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A member asked:

can i give my baby over-the-counter medication for a cold?

18 doctor answers31 doctors weighed in
Dr. Marcus Degraw
Pediatrics 22 years experience
No: Cold medications are no longer fda approved for children under the age of 4 years old. This had more to do with overdosing, poor packaging and parental mistakes in giving the medication than anything, but none the less they are not available for that age bracket anymore and should be avoided.
Dr. Anatoly Belilovsky
Pediatrics 35 years experience
No: Except for saline nose drops and (possibly) guaifenesin, they are useless, with potential for harm.
Dr. Pamela Lindor
Pediatrics 32 years experience
No: Children under two should not be given over-the-counter cold medications for several reasons: they are not effective in treating the cold, they can cause side effects, and they are easy to mis dose. If your baby has a cold which is causing serious problems with sleep, eating, breathing, or causing pain, have him/her seen by your pediatrician.
Dr. Mark Diamond
Pediatrics 46 years experience
No: Recent research has turned up a small number of tragic complications apparently from these medications. Unfortunately most have never been tested in young children for effectiveness or safety. Thus no cough/cold medications are acceptable under the age of 6 years old ( and maybe even under 12. ). It just is not worth the risk.
Dr. Kathleen Forcier
Specializes in General Practice
No: Plain Acetaminophen (tylenol) can be used for pain or fever (call your doctor first if your baby is less than 3 months). If your child is older than 6 months you can also use Ibuprofen (advil/motrin). In kids over 12 months you can try a teaspoon of honey to help with cough, especially at night. But over-the-counter cough and cold medications are dangerous in children less than 6 years old.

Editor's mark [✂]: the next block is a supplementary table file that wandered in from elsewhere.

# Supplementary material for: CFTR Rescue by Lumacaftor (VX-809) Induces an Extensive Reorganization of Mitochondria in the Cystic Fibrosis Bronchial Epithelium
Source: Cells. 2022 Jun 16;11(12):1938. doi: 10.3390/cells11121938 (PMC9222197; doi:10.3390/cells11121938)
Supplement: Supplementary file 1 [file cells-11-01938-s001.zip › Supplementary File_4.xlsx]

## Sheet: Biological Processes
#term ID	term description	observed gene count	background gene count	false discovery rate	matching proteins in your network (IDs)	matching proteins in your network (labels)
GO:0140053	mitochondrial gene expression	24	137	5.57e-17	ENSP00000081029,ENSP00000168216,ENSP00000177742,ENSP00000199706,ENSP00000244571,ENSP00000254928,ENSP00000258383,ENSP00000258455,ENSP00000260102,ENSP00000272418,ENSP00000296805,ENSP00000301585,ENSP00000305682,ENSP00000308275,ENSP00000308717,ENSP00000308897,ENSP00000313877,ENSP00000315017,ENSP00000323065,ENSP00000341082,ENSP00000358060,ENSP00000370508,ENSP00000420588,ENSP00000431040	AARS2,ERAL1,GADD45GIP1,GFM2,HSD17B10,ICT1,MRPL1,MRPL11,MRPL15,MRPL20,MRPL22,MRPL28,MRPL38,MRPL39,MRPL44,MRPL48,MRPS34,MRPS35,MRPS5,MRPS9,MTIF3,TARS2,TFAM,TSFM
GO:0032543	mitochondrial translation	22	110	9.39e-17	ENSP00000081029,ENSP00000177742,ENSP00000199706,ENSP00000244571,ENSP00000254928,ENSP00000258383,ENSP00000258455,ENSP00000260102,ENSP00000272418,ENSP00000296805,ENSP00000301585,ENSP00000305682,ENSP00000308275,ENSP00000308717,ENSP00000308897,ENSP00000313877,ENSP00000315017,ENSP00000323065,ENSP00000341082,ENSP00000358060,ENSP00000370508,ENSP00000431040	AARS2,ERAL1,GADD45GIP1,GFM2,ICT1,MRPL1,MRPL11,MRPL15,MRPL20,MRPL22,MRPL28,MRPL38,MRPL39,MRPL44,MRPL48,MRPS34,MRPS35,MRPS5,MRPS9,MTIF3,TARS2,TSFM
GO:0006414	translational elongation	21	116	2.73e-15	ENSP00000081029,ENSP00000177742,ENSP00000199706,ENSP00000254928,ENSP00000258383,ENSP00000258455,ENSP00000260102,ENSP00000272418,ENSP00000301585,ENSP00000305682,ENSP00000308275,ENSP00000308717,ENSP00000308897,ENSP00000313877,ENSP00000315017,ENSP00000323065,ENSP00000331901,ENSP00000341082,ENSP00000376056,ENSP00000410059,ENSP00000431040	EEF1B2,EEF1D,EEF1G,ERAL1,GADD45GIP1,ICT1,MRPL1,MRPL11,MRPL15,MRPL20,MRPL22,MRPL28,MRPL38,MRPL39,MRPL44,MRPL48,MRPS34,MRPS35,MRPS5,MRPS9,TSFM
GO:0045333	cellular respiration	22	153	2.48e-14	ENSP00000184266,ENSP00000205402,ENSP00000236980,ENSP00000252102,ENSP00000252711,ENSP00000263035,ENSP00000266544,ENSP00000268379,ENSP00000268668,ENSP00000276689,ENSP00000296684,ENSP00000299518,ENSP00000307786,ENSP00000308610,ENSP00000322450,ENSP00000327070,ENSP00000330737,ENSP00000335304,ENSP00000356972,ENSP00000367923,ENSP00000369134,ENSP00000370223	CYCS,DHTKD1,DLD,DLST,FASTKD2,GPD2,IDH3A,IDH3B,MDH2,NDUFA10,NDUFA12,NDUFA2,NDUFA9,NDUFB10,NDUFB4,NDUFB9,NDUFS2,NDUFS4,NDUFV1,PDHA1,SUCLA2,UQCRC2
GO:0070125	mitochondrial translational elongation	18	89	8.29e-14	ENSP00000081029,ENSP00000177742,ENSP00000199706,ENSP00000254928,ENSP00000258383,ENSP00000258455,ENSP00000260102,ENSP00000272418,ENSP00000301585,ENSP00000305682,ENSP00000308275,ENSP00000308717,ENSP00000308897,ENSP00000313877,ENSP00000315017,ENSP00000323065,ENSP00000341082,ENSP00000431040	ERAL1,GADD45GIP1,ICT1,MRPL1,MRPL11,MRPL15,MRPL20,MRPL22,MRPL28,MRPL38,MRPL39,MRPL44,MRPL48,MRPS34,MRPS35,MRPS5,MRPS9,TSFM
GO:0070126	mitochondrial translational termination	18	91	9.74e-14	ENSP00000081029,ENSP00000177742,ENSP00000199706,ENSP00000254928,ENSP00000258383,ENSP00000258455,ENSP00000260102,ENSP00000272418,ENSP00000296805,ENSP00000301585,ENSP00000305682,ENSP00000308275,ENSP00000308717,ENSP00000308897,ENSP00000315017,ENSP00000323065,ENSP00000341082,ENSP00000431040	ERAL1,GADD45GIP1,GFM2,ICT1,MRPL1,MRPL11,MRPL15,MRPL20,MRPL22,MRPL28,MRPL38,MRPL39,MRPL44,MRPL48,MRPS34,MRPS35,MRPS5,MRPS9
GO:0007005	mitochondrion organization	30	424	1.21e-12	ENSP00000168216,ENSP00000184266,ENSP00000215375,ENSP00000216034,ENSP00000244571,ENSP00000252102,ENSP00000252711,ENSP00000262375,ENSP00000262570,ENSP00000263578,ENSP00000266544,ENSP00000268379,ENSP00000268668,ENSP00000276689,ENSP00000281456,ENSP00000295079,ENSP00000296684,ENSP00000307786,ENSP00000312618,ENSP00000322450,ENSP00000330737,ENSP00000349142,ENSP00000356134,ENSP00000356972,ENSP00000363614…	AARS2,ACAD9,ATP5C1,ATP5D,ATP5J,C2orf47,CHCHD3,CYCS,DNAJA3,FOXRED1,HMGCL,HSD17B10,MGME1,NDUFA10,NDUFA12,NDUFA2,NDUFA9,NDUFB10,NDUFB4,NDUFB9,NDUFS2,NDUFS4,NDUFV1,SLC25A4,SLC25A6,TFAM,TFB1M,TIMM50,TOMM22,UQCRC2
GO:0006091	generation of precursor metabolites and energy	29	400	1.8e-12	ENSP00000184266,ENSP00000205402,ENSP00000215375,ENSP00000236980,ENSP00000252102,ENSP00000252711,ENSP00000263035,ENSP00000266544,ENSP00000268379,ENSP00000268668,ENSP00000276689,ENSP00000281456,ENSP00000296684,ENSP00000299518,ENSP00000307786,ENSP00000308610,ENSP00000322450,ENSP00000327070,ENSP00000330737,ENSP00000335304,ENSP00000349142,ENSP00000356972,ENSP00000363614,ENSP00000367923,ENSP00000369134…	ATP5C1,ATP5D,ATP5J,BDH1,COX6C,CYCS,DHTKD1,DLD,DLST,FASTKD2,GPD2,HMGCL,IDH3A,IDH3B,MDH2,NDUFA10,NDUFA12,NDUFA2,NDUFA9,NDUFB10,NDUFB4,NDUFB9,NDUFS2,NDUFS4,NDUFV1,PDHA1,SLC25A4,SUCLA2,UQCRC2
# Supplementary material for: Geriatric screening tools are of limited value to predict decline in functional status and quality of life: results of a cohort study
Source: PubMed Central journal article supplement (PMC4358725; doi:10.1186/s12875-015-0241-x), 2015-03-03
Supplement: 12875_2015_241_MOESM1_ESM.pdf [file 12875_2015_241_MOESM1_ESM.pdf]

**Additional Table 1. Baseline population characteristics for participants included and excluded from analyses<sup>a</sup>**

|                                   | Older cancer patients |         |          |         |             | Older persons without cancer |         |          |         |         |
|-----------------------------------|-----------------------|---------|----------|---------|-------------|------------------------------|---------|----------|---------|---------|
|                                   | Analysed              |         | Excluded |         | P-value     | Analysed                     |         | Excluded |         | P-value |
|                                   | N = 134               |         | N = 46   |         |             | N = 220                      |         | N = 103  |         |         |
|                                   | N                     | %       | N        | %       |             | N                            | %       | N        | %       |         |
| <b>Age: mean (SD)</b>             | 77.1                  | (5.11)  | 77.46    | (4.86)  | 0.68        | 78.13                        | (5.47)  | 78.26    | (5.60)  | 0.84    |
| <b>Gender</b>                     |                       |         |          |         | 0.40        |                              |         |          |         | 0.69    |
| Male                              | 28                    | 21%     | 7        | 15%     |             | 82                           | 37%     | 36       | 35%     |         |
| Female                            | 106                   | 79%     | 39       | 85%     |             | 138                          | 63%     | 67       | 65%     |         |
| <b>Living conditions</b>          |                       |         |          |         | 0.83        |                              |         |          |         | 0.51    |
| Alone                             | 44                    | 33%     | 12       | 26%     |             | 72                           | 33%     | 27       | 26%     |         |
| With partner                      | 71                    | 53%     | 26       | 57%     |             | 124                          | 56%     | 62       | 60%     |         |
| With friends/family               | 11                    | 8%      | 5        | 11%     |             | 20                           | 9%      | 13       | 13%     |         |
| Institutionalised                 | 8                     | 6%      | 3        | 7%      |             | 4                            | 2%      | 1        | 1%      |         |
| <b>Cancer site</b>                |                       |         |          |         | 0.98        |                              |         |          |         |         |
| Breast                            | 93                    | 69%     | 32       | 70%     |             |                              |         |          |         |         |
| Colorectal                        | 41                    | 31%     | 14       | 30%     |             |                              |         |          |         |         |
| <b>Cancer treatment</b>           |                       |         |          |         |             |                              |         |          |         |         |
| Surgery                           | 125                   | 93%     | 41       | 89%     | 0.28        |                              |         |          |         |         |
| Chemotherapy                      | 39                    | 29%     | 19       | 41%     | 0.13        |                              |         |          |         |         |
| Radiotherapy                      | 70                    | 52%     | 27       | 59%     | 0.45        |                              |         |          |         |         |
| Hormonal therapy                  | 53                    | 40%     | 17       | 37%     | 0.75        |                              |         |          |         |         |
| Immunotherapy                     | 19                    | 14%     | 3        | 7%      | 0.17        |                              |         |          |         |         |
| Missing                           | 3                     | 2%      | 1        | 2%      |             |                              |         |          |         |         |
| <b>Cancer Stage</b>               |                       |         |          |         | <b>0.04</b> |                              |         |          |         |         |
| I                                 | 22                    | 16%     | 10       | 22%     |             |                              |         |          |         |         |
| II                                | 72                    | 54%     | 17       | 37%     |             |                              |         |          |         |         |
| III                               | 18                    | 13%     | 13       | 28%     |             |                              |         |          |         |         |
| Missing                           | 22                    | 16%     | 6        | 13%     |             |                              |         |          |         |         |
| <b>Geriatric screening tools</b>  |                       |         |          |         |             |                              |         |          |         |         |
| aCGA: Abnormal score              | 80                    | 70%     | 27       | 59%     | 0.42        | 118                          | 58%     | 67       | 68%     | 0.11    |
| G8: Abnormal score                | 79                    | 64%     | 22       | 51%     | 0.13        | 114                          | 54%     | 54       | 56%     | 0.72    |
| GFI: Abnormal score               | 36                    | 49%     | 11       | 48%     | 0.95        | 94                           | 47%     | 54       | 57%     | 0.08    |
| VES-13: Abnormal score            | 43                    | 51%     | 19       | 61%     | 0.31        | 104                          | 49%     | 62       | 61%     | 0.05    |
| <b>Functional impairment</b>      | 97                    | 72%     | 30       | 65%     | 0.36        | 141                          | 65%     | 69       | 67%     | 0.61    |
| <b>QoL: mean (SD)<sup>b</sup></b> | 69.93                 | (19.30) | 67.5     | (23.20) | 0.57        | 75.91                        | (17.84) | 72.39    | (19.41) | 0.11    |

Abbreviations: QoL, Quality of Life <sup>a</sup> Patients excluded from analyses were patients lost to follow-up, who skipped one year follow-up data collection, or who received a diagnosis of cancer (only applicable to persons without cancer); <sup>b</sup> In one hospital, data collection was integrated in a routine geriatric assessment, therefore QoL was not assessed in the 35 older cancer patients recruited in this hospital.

Dr. Lisa Roberts
Pediatrics 23 years experience
No: It's best to avoid OTC cold medicines as they may have bad side effects in young children. In addition, many of them do not seem to work well in young babies anyway so it's not worth taking any risks. Try saline nasal spray and a cool-mist humidifier instead. Upright positioning while sleeping may also be beneficial. Tlc and lots of fluids go a long way as well!
Dr. Lawrence Rosen
Pediatrics 28 years experience
No: Well, technically, you can, but i would advise against. There are strategies like using nasal saline and suctioning, that may help with cold symptoms in babies, but in general, most colds will resolve in 3-10 days without intervention. If your baby has significant fever, is under 2 months old, or is coughing persistently, you should seek medical attention.
Dr. Robert Kwok
Pediatrics 33 years experience
No: Most cold medicines are not recommended for 3-12 month olds. Tylenol (acetaminophen) drops can be used if there is mild fever and/or mild fussiness (motrin can be used for babies over 6 months). Be sure to talk to or see the doctor if fever or fussiness lasts more than 3 days, if there is high fever (>102 degrees), if the baby won't eat, or if the baby is looking in pain / too tired / too cranky / or too pale.
Dr. Arthur Torre
Pediatric Allergy and Asthma 51 years experience
No: The latest research demonstrates no significant difference for cold symptoms or how long the cold will last whether or not babies get cold medications. And some babies have been harmed by these medicines. So the latest information says to avoid over-the-counter medications for cold in a baby.